"I could make a living and still give back to the community," he said. "I could make my own hours and have time to help others.

"A barber is a counselor who can cut hair," Paul commented.

While he was in barber school in Coeur d'Alene, he saw a page on social media from British Columbia about an organization where people were cutting people's hair in an area that had many homeless people.

A husband and wife, Cameron and Jen Sterling, started it. They called themselves Street Thug Barbers.

"My heart sang at that point," Paul said.

When he finished barber school in 2017, he began working at Bulwark Barbers.

"I reached out to the nonprofit in Canada and said I wanted to be a part of it," he said. "They were hesitant. They suggested I try it first and see what I thought. Many people have tried this work and backed off.

"That's when I contacted Janet Brock at St. Vincent de Paul and began donating my time with them. Before that, I never felt like I was contributing or a benefit to the community," he continued.

"I had gone to a Catholic private school and learned about benevolence but had never before felt needed or found a place where my skills could be utilized for good.

He contacted the Sterlings again, reporting on his experience with St. Vincent de Paul.

"My chapter became the fifth Street Thug Barber chapter, Street Thug Idaho, after the original in British Columbia, and Portland, Ore., Ireland and Thailand.

"I was under the impression it would be a local chain," Paul said.  "Instead, this is like a family of seven or eight barbers who love what they do and go out to help in their communities. I love being a part of something bigger than myself."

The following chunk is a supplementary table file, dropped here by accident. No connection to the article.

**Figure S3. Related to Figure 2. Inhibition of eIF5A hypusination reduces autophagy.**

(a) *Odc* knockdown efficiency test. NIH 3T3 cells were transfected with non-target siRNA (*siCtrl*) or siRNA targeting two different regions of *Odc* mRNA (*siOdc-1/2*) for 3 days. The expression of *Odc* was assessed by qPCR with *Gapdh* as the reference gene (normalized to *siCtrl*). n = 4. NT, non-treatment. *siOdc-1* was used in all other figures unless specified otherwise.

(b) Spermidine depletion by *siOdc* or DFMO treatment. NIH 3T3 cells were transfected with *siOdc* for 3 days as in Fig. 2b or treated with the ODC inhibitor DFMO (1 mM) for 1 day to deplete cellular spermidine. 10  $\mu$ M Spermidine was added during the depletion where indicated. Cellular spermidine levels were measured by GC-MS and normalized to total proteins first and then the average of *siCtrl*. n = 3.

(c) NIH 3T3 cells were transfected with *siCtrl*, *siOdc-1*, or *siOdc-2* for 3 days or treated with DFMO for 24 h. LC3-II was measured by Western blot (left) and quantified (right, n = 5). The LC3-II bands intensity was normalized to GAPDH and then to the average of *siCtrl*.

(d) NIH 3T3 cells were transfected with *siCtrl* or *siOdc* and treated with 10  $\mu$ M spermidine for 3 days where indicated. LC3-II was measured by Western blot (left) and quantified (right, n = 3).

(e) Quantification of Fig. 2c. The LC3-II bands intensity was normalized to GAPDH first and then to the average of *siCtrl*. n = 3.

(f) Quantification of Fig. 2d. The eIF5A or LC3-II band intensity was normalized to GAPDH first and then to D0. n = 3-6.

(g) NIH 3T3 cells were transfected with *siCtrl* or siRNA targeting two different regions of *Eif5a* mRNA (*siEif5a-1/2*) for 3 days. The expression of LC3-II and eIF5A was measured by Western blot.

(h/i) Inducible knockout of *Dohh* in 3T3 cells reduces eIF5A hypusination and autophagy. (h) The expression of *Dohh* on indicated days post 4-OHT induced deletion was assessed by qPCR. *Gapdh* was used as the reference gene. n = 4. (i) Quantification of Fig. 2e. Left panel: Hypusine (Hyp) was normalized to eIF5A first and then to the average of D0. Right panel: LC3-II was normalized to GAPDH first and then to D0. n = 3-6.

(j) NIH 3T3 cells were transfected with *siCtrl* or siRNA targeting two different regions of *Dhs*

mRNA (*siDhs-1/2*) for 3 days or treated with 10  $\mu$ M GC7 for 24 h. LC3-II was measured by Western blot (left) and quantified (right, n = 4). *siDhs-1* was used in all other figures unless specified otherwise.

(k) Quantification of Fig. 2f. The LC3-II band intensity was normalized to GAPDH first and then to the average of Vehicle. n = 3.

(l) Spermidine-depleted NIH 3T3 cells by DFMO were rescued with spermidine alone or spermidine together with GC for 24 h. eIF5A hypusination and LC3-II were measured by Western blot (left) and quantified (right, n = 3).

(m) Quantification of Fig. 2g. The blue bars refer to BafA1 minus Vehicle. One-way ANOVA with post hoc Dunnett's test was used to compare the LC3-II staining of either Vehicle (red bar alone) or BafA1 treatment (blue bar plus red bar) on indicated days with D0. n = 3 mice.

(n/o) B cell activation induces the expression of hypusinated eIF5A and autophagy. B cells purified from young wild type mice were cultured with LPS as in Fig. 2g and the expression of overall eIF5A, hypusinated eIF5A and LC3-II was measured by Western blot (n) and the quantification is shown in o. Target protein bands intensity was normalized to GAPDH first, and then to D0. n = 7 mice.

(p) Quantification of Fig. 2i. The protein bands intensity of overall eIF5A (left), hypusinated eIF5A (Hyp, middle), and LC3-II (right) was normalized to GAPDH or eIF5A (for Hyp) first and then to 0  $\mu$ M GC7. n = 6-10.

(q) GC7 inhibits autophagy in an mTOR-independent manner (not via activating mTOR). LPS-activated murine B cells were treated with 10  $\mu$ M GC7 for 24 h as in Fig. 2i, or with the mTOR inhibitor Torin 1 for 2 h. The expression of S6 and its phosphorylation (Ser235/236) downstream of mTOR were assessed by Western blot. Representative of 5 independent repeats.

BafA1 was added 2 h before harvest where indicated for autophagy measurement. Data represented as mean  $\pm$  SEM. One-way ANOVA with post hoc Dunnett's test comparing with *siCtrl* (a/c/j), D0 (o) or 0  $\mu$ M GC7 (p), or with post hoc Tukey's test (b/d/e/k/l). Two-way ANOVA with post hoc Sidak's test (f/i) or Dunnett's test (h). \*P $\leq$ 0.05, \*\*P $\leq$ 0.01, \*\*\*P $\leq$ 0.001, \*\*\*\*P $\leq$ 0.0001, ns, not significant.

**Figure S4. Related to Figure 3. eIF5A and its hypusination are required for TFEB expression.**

Cameron and Jen created a logo for their nonprofit in which the word THUG has the letter T X'd out, so what is clearly seen is the word "HUG," and then the word "Life" underneath. Often, Street Thug barbers end up sharing hugs with those they serve, Paul said.

Cameron had been addicted to opiates. He called it a "runnin' and gunnin' lifestyle." In order not to lose his relationship with Jen, he turned his life around. That's when they created the logo.

"If people give more away rather than taking for themselves, they'll be in a better position overall," Cameron says.

Paul agrees. 

"Anybody is one situation away from being homeless or one decision away from changing for the positive," he said.

"My mother used to say, 'You can't run away forever. Life will catch up with your decisions,'" Paul added.

He and his family continue church involvement, attending Our Place in Hayden.

"God led me to barbering," he said. "I get to give testimony. I get to help people. I get to listen!

"I haven't taken new clients for maybe three years," he said. "I have the same clientele that I did when I started.  It's more than a haircut when relationships are built. I keep confidentiality. I never thought I'd develop the clientele that I have."

Since COVID has lifted, Paul mostly goes out to volunteer to cut hair at events on request, perhaps six or seven times a year, rather than going somewhere at a set place or time.

"People have to stay humble," he reflected. "Barbering keeps me humble. Everybody needs haircuts.

"I believe I was led to St John Vianney and Catholicism, so the purpose of my life has been steered into these avenues where God is present," he said.

"The majority of my life now is helping people. It's important. In today's world, people need that kind of help," Paul affirmed.

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Copyright@ The Fig Tree, December 2023